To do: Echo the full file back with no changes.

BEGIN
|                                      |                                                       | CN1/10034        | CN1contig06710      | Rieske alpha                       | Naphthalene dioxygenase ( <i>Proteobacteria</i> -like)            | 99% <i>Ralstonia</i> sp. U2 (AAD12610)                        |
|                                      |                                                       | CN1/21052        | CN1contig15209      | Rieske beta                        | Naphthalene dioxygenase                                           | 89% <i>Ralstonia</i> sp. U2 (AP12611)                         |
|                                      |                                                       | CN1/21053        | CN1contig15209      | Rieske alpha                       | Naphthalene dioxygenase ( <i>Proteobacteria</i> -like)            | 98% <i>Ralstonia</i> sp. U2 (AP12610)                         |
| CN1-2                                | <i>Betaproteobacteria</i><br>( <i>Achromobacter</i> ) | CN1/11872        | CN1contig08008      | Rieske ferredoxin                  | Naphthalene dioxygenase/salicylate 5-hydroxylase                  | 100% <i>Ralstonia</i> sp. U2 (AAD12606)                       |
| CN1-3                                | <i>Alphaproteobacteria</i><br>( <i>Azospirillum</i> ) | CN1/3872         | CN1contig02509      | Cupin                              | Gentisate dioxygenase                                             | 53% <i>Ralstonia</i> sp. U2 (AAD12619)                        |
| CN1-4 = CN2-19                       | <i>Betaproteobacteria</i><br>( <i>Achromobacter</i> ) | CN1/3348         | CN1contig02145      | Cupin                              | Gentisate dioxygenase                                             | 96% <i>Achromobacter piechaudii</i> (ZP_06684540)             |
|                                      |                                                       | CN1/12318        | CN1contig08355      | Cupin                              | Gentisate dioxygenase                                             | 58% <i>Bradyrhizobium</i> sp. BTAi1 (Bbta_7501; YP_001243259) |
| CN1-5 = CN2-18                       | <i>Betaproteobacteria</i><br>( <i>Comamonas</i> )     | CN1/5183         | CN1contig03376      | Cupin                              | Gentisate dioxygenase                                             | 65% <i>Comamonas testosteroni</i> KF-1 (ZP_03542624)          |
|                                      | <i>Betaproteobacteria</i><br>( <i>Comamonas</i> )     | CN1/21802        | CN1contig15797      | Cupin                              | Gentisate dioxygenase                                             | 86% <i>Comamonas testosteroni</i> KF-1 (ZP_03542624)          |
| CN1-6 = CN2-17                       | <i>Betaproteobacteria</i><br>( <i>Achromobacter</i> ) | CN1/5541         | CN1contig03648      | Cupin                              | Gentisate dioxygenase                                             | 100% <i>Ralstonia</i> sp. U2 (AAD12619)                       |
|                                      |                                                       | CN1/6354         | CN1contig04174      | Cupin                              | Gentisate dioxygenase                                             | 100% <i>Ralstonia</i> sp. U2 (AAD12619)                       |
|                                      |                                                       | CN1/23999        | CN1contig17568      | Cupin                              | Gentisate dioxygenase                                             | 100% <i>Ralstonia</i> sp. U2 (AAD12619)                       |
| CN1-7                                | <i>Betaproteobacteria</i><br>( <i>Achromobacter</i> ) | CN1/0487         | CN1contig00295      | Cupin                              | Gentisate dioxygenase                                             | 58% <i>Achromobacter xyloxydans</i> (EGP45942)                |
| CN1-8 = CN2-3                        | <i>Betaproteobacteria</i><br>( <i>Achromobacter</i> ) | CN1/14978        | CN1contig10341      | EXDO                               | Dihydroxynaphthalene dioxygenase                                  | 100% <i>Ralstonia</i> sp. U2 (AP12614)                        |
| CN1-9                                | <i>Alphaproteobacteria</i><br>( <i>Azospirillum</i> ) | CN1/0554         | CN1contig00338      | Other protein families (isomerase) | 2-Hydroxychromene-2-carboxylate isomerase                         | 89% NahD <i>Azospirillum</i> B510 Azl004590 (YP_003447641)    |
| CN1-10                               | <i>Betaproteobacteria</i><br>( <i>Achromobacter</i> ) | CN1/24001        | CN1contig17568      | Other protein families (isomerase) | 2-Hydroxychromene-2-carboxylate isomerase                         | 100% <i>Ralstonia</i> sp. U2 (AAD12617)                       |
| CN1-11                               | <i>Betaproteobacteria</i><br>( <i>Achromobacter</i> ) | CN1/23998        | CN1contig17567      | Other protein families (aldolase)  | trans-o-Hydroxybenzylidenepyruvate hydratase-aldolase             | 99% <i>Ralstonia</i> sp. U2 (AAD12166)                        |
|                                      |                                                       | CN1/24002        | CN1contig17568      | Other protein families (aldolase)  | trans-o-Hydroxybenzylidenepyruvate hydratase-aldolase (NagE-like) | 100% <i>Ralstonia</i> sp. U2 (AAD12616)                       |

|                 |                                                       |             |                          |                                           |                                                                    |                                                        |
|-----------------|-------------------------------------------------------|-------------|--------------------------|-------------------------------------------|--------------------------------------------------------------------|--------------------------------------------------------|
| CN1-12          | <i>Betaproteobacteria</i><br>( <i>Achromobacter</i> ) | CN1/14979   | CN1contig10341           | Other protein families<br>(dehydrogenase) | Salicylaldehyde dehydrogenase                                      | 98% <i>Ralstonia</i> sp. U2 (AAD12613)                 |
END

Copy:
|                                      |                                                       | CN1/10034        | CN1contig06710      | Rieske alpha                       | Naphthalene dioxygenase ( <i>Proteobacteria</i> -like)            | 99% <i>Ralstonia</i> sp. U2 (AAD12610)                        |
|                                      |                                                       | CN1/21052        | CN1contig15209      | Rieske beta                        | Naphthalene dioxygenase                                           | 89% <i>Ralstonia</i> sp. U2 (AP12611)                         |
|                                      |                                                       | CN1/21053        | CN1contig15209      | Rieske alpha                       | Naphthalene dioxygenase ( <i>Proteobacteria</i> -like)            | 98% <i>Ralstonia</i> sp. U2 (AP12610)                         |
| CN1-2                                | <i>Betaproteobacteria</i><br>( <i>Achromobacter</i> ) | CN1/11872        | CN1contig08008      | Rieske ferredoxin                  | Naphthalene dioxygenase/salicylate 5-hydroxylase                  | 100% <i>Ralstonia</i> sp. U2 (AAD12606)                       |
| CN1-3                                | <i>Alphaproteobacteria</i><br>( <i>Azospirillum</i> ) | CN1/3872         | CN1contig02509      | Cupin                              | Gentisate dioxygenase                                             | 53% <i>Ralstonia</i> sp. U2 (AAD12619)                        |
| CN1-4 = CN2-19                       | <i>Betaproteobacteria</i><br>( <i>Achromobacter</i> ) | CN1/3348         | CN1contig02145      | Cupin                              | Gentisate dioxygenase                                             | 96% <i>Achromobacter piechaudii</i> (ZP_06684540)             |
|                                      |                                                       | CN1/12318        | CN1contig08355      | Cupin                              | Gentisate dioxygenase                                             | 58% <i>Bradyrhizobium</i> sp. BTAi1 (Bbta_7501; YP_001243259) |
| CN1-5 = CN2-18                       | <i>Betaproteobacteria</i><br>( <i>Comamonas</i> )     | CN1/5183         | CN1contig03376      | Cupin                              | Gentisate dioxygenase                                             | 65% <i>Comamonas testosteroni</i> KF-1 (ZP_03542624)          |
|                                      | <i>Betaproteobacteria</i><br>( <i>Comamonas</i> )     | CN1/21802        | CN1contig15797      | Cupin                              | Gentisate dioxygenase                                             | 86% <i>Comamonas testosteroni</i> KF-1 (ZP_03542624)          |
| CN1-6 = CN2-17                       | <i>Betaproteobacteria</i><br>( <i>Achromobacter</i> ) | CN1/5541         | CN1contig03648      | Cupin                              | Gentisate dioxygenase                                             | 100% <i>Ralstonia</i> sp. U2 (AAD12619)                       |
|                                      |                                                       | CN1/6354         | CN1contig04174      | Cupin                              | Gentisate dioxygenase                                             | 100% <i>Ralstonia</i> sp. U2 (AAD12619)                       |
|                                      |                                                       | CN1/23999        | CN1contig17568      | Cupin                              | Gentisate dioxygenase                                             | 100% <i>Ralstonia</i> sp. U2 (AAD12619)                       |
| CN1-7                                | <i>Betaproteobacteria</i><br>( <i>Achromobacter</i> ) | CN1/0487         | CN1contig00295      | Cupin                              | Gentisate dioxygenase                                             | 58% <i>Achromobacter xyloxydans</i> (EGP45942)                |
| CN1-8 = CN2-3                        | <i>Betaproteobacteria</i><br>( <i>Achromobacter</i> ) | CN1/14978        | CN1contig10341      | EXDO                               | Dihydroxynaphthalene dioxygenase                                  | 100% <i>Ralstonia</i> sp. U2 (AP12614)                        |
| CN1-9                                | <i>Alphaproteobacteria</i><br>( <i>Azospirillum</i> ) | CN1/0554         | CN1contig00338      | Other protein families (isomerase) | 2-Hydroxychromene-2-carboxylate isomerase                         | 89% NahD <i>Azospirillum</i> B510 Azl004590 (YP_003447641)    |
| CN1-10                               | <i>Betaproteobacteria</i><br>( <i>Achromobacter</i> ) | CN1/24001        | CN1contig17568      | Other protein families (isomerase) | 2-Hydroxychromene-2-carboxylate isomerase                         | 100% <i>Ralstonia</i> sp. U2 (AAD12617)                       |
| CN1-11                               | <i>Betaproteobacteria</i><br>( <i>Achromobacter</i> ) | CN1/23998        | CN1contig17567      | Other protein families (aldolase)  | trans-o-Hydroxybenzylidenepyruvate hydratase-aldolase             | 99% <i>Ralstonia</i> sp. U2 (AAD12166)                        |
|                                      |                                                       | CN1/24002        | CN1contig17568      | Other protein families (aldolase)  | trans-o-Hydroxybenzylidenepyruvate hydratase-aldolase (NagE-like) | 100% <i>Ralstonia</i> sp. U2 (AAD12616)                       |

|                 |                                                       |             |                          |                                           |                                                                    |                                                        |
|-----------------|-------------------------------------------------------|-------------|--------------------------|-------------------------------------------|--------------------------------------------------------------------|--------------------------------------------------------|
| CN1-12          | <i>Betaproteobacteria</i><br>( <i>Achromobacter</i> ) | CN1/14979   | CN1contig10341           | Other protein families<br>(dehydrogenase) | Salicylaldehyde dehydrogenase                                      | 98% <i>Ralstonia</i> sp. U2 (AAD12613)                 |